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19 Jun 4:00am

She Would Be King by Wayétu Moore review – magical visions of Liberia

The Guardian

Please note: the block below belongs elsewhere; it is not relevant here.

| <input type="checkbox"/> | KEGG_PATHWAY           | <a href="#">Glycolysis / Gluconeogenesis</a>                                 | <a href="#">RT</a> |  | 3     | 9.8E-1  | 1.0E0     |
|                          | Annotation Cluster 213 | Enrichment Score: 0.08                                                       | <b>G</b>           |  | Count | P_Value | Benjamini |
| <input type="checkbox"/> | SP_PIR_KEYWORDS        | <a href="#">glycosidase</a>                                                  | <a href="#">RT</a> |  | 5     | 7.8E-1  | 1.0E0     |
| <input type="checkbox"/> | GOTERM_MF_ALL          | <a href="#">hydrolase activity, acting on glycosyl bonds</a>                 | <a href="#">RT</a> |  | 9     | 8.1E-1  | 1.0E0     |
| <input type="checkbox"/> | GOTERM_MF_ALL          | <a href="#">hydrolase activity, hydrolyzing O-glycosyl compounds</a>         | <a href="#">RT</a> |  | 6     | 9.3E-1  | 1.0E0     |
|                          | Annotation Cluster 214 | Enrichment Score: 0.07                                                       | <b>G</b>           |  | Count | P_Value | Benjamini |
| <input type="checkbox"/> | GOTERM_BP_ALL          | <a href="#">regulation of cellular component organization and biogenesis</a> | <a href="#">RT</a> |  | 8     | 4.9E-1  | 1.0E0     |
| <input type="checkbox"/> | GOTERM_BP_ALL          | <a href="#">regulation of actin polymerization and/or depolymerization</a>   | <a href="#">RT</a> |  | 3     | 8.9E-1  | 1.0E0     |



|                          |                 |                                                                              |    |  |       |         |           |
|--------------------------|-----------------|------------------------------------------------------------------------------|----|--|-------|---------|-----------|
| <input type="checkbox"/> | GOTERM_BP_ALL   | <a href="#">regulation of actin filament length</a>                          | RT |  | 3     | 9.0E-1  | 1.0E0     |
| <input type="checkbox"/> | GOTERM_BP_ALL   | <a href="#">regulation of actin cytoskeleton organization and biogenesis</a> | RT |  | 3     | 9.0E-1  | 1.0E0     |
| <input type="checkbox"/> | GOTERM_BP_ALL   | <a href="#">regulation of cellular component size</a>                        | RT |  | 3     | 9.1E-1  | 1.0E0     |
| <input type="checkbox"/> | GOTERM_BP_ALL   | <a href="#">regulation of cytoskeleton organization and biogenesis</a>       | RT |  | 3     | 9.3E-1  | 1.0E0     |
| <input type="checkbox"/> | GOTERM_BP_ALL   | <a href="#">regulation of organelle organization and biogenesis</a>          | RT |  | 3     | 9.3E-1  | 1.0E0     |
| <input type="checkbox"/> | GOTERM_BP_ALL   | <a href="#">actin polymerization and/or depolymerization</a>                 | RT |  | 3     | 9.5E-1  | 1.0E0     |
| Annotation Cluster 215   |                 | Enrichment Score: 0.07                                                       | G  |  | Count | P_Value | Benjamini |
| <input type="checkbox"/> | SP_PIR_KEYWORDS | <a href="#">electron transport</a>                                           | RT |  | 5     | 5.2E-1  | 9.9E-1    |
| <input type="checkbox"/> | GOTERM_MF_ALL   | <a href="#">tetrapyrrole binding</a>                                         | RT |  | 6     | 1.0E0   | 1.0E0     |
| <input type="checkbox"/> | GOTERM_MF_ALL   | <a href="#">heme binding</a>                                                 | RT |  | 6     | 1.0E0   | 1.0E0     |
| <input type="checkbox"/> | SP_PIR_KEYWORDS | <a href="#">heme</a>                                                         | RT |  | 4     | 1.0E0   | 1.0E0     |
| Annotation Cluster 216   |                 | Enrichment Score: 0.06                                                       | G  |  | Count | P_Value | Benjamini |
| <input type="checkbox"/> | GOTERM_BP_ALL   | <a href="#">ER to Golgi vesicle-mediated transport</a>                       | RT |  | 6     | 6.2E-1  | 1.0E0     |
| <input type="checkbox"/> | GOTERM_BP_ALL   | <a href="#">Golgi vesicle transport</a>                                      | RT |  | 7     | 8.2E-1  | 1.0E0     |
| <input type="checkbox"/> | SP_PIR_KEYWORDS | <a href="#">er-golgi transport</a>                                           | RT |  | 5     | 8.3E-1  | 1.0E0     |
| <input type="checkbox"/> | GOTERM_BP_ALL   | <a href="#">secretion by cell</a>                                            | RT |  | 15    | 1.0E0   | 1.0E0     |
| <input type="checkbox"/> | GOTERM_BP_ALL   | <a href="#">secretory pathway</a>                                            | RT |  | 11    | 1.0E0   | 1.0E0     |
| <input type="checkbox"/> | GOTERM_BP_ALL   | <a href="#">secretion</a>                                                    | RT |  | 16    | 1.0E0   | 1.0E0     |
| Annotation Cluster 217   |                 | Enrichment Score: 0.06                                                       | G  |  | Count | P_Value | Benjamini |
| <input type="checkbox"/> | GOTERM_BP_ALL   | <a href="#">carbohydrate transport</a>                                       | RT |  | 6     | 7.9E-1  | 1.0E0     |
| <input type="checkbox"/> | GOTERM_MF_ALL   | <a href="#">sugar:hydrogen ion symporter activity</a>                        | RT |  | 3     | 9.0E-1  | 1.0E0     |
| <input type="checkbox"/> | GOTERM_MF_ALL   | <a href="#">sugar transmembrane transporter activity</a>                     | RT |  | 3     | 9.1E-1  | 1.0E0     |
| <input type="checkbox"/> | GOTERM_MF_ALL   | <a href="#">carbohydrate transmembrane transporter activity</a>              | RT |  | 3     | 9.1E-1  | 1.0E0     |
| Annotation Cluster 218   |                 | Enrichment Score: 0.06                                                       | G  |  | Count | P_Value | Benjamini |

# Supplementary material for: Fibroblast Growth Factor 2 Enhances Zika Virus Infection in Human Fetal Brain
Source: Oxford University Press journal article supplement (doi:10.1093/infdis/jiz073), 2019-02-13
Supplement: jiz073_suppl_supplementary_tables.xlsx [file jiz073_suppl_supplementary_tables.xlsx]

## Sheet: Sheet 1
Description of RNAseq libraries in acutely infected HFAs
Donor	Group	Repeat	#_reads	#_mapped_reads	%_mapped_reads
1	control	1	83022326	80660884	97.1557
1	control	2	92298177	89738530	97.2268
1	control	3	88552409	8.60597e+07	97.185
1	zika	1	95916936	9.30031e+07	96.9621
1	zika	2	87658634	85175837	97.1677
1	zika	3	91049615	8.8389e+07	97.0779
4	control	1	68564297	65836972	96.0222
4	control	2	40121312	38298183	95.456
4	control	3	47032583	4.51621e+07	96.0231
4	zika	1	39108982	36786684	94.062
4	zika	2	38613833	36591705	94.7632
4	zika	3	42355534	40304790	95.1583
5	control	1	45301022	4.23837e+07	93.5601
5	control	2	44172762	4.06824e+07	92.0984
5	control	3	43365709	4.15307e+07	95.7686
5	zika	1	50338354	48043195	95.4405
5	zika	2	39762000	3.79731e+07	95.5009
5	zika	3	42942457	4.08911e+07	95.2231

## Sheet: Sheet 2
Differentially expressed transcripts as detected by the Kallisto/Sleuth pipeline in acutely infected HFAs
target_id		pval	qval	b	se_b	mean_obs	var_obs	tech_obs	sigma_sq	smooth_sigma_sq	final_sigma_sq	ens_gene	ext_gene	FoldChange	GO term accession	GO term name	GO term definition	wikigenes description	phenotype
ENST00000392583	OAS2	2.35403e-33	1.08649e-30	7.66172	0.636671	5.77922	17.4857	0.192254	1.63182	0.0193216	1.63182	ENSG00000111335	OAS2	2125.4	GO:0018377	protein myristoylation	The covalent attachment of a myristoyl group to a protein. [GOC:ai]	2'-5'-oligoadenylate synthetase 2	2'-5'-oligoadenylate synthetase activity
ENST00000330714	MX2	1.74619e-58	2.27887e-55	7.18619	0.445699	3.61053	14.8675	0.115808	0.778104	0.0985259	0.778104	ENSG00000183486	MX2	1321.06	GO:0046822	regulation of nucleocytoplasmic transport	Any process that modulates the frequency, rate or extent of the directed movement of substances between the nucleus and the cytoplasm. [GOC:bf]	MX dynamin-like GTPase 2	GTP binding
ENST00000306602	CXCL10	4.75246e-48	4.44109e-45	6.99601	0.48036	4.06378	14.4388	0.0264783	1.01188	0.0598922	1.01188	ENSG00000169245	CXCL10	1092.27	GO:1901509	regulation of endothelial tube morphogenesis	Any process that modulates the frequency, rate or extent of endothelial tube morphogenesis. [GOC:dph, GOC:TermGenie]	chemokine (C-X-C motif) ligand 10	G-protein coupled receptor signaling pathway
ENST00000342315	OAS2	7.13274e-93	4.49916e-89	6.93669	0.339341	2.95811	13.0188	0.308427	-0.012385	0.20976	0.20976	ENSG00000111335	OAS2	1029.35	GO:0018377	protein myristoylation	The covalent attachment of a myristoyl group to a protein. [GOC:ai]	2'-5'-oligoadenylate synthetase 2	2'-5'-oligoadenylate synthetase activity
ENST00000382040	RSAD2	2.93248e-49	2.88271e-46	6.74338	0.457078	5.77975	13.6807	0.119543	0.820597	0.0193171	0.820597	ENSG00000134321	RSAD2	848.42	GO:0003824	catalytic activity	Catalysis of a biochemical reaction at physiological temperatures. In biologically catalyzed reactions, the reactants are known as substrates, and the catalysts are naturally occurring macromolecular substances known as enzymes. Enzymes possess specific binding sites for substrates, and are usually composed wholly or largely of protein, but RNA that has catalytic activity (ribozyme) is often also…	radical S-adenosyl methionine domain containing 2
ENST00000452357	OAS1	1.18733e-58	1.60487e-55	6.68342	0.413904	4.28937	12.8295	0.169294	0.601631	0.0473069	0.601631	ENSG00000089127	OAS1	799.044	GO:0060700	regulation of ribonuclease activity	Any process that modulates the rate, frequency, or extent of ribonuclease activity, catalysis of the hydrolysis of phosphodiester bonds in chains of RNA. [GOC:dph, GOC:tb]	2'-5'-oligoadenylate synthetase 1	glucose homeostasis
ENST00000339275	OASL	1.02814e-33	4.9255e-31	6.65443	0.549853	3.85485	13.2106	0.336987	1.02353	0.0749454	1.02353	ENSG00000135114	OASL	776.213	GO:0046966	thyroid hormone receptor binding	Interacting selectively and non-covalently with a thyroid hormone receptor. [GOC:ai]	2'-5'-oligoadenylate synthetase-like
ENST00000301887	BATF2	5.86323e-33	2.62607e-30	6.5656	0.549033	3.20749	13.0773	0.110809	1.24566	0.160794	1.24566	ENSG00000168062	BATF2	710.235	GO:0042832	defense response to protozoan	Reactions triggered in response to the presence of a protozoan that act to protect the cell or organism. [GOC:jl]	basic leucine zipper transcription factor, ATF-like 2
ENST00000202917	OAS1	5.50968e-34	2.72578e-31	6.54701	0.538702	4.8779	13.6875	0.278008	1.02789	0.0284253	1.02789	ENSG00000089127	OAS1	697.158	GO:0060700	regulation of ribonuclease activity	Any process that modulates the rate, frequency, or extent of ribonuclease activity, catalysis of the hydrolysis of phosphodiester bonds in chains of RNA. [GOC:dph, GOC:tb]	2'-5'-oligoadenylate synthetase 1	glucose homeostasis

Superheroes, spirits and marauding illegal slavers … a powerful debut reimagines the birth of the African republic established as a homeland for freed slavesThree strangers with supernatural powers meet in Liberia’s capital Monrovia in the middle of the 19th century. Gbessa, a member of the Vai tribe, has been cursed as a witch and banished to an otherworldly forest where “yellow and plum-coloured insects piloted through the heat amid the shouts of forest beasts and spectres”. She limps home five dry seasons later, having discovered that she cannot die. Norman Aragorn sails from Jamaica after escaping his father, an odious British “scholar” who kept Norman and his enslaved mother captive, drooling over the chance to make his name by documenting their ability to vanish at will. June Dey is a runaway slave from a Virginia plantation, who fought his way out by flinging off attackers, dogs and bullets alike with supernatural strength, then boarded a ship he thought was bound for New York only to wash up on Africa’s Grain Coast instead. Wayétu Moore’s compelling debut novel assembles this trio of superhumans on Liberian soil during the waning days of the American Colonization Society’s mission to repatriate freed slaves there. Shot through with magic realism, it conjures up a phantasmagoric vision of the diaspora and its “infinity of broken men” that is grounded in the quotidian horrors of plantation life (“That place where we lost our language, lost ourselves”). All of this is grimly and powerfully evoked. Children are flogged, men beaten raw, women visited in the night by the men who own them. They are the familiar cruelties of this particular time and place but the things that happen in Moore’s novel are decidedly out of the ordinary. For instance, June Dey is born to a ghost, a woman who has already died years before without realising it, having hit her head trying to save a young girl from a whipping. She assumes that “every eye I searched for, even the children’s, avoided my passing” because they were angry that she didn’t intervene quickly enough rather than because they cannot see her. She finally catches on when she stumbles upon her own gravestone, then wonders whether she is “the only one who could not tell the difference between a life in bondage and death”.
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